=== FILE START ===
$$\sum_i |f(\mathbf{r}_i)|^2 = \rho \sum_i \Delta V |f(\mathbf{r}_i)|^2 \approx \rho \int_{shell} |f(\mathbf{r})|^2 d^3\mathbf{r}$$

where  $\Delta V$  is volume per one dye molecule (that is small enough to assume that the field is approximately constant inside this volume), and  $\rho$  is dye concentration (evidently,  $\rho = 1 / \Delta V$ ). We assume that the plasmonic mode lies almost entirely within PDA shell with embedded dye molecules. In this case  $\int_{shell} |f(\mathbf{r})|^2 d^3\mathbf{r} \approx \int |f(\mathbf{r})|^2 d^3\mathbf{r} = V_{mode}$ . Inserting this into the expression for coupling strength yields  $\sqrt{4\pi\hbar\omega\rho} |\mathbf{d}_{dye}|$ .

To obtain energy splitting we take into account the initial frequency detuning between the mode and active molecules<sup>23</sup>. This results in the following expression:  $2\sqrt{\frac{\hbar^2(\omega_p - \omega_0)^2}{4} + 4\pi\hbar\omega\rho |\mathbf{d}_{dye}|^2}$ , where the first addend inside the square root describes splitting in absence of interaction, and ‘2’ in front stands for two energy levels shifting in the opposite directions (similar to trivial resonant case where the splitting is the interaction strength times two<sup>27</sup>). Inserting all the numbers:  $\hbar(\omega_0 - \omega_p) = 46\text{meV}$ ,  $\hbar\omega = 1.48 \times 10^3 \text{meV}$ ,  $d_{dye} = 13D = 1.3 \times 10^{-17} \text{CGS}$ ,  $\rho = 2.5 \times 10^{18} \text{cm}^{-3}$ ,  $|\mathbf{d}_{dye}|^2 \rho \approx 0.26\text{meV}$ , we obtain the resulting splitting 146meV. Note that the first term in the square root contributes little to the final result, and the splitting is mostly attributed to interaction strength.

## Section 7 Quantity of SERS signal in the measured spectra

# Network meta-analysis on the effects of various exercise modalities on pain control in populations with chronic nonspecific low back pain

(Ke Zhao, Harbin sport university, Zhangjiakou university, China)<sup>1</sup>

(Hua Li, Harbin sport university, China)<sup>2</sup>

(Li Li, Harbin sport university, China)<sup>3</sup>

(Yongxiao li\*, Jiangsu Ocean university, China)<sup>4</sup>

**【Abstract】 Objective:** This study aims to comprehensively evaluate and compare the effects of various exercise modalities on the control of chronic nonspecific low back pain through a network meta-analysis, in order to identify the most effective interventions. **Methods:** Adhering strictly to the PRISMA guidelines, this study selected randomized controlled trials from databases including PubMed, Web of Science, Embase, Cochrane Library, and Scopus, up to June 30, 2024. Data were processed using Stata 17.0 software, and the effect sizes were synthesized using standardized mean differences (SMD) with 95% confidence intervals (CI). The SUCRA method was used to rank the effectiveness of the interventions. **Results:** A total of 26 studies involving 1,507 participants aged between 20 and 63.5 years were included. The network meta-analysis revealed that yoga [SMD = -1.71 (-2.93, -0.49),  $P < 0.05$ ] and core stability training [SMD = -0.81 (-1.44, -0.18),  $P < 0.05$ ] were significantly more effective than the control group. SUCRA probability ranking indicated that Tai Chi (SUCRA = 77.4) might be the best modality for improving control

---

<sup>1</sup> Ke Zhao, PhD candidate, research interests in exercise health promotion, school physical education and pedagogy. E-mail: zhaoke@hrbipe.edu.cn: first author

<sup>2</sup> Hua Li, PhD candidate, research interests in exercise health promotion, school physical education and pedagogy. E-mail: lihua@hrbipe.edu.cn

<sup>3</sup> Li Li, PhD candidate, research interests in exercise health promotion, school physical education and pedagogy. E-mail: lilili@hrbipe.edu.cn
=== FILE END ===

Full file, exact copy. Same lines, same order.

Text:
$$\sum_i |f(\mathbf{r}_i)|^2 = \rho \sum_i \Delta V |f(\mathbf{r}_i)|^2 \approx \rho \int_{shell} |f(\mathbf{r})|^2 d^3\mathbf{r}$$

where  $\Delta V$  is volume per one dye molecule (that is small enough to assume that the field is approximately constant inside this volume), and  $\rho$  is dye concentration (evidently,  $\rho = 1 / \Delta V$ ). We assume that the plasmonic mode lies almost entirely within PDA shell with embedded dye molecules. In this case  $\int_{shell} |f(\mathbf{r})|^2 d^3\mathbf{r} \approx \int |f(\mathbf{r})|^2 d^3\mathbf{r} = V_{mode}$ . Inserting this into the expression for coupling strength yields  $\sqrt{4\pi\hbar\omega\rho} |\mathbf{d}_{dye}|$ .

To obtain energy splitting we take into account the initial frequency detuning between the mode and active molecules<sup>23</sup>. This results in the following expression:  $2\sqrt{\frac{\hbar^2(\omega_p - \omega_0)^2}{4} + 4\pi\hbar\omega\rho |\mathbf{d}_{dye}|^2}$ , where the first addend inside the square root describes splitting in absence of interaction, and ‘2’ in front stands for two energy levels shifting in the opposite directions (similar to trivial resonant case where the splitting is the interaction strength times two<sup>27</sup>). Inserting all the numbers:  $\hbar(\omega_0 - \omega_p) = 46\text{meV}$ ,  $\hbar\omega = 1.48 \times 10^3 \text{meV}$ ,  $d_{dye} = 13D = 1.3 \times 10^{-17} \text{CGS}$ ,  $\rho = 2.5 \times 10^{18} \text{cm}^{-3}$ ,  $|\mathbf{d}_{dye}|^2 \rho \approx 0.26\text{meV}$ , we obtain the resulting splitting 146meV. Note that the first term in the square root contributes little to the final result, and the splitting is mostly attributed to interaction strength.

## Section 7 Quantity of SERS signal in the measured spectra

# Network meta-analysis on the effects of various exercise modalities on pain control in populations with chronic nonspecific low back pain

(Ke Zhao, Harbin sport university, Zhangjiakou university, China)<sup>1</sup>

(Hua Li, Harbin sport university, China)<sup>2</sup>

(Li Li, Harbin sport university, China)<sup>3</sup>

(Yongxiao li\*, Jiangsu Ocean university, China)<sup>4</sup>

**【Abstract】 Objective:** This study aims to comprehensively evaluate and compare the effects of various exercise modalities on the control of chronic nonspecific low back pain through a network meta-analysis, in order to identify the most effective interventions. **Methods:** Adhering strictly to the PRISMA guidelines, this study selected randomized controlled trials from databases including PubMed, Web of Science, Embase, Cochrane Library, and Scopus, up to June 30, 2024. Data were processed using Stata 17.0 software, and the effect sizes were synthesized using standardized mean differences (SMD) with 95% confidence intervals (CI). The SUCRA method was used to rank the effectiveness of the interventions. **Results:** A total of 26 studies involving 1,507 participants aged between 20 and 63.5 years were included. The network meta-analysis revealed that yoga [SMD = -1.71 (-2.93, -0.49),  $P < 0.05$ ] and core stability training [SMD = -0.81 (-1.44, -0.18),  $P < 0.05$ ] were significantly more effective than the control group. SUCRA probability ranking indicated that Tai Chi (SUCRA = 77.4) might be the best modality for improving control

---

<sup>1</sup> Ke Zhao, PhD candidate, research interests in exercise health promotion, school physical education and pedagogy. E-mail: zhaoke@hrbipe.edu.cn: first author

<sup>2</sup> Hua Li, PhD candidate, research interests in exercise health promotion, school physical education and pedagogy. E-mail: lihua@hrbipe.edu.cn

<sup>3</sup> Li Li, PhD candidate, research interests in exercise health promotion, school physical education and pedagogy. E-mail: lilili@hrbipe.edu.cn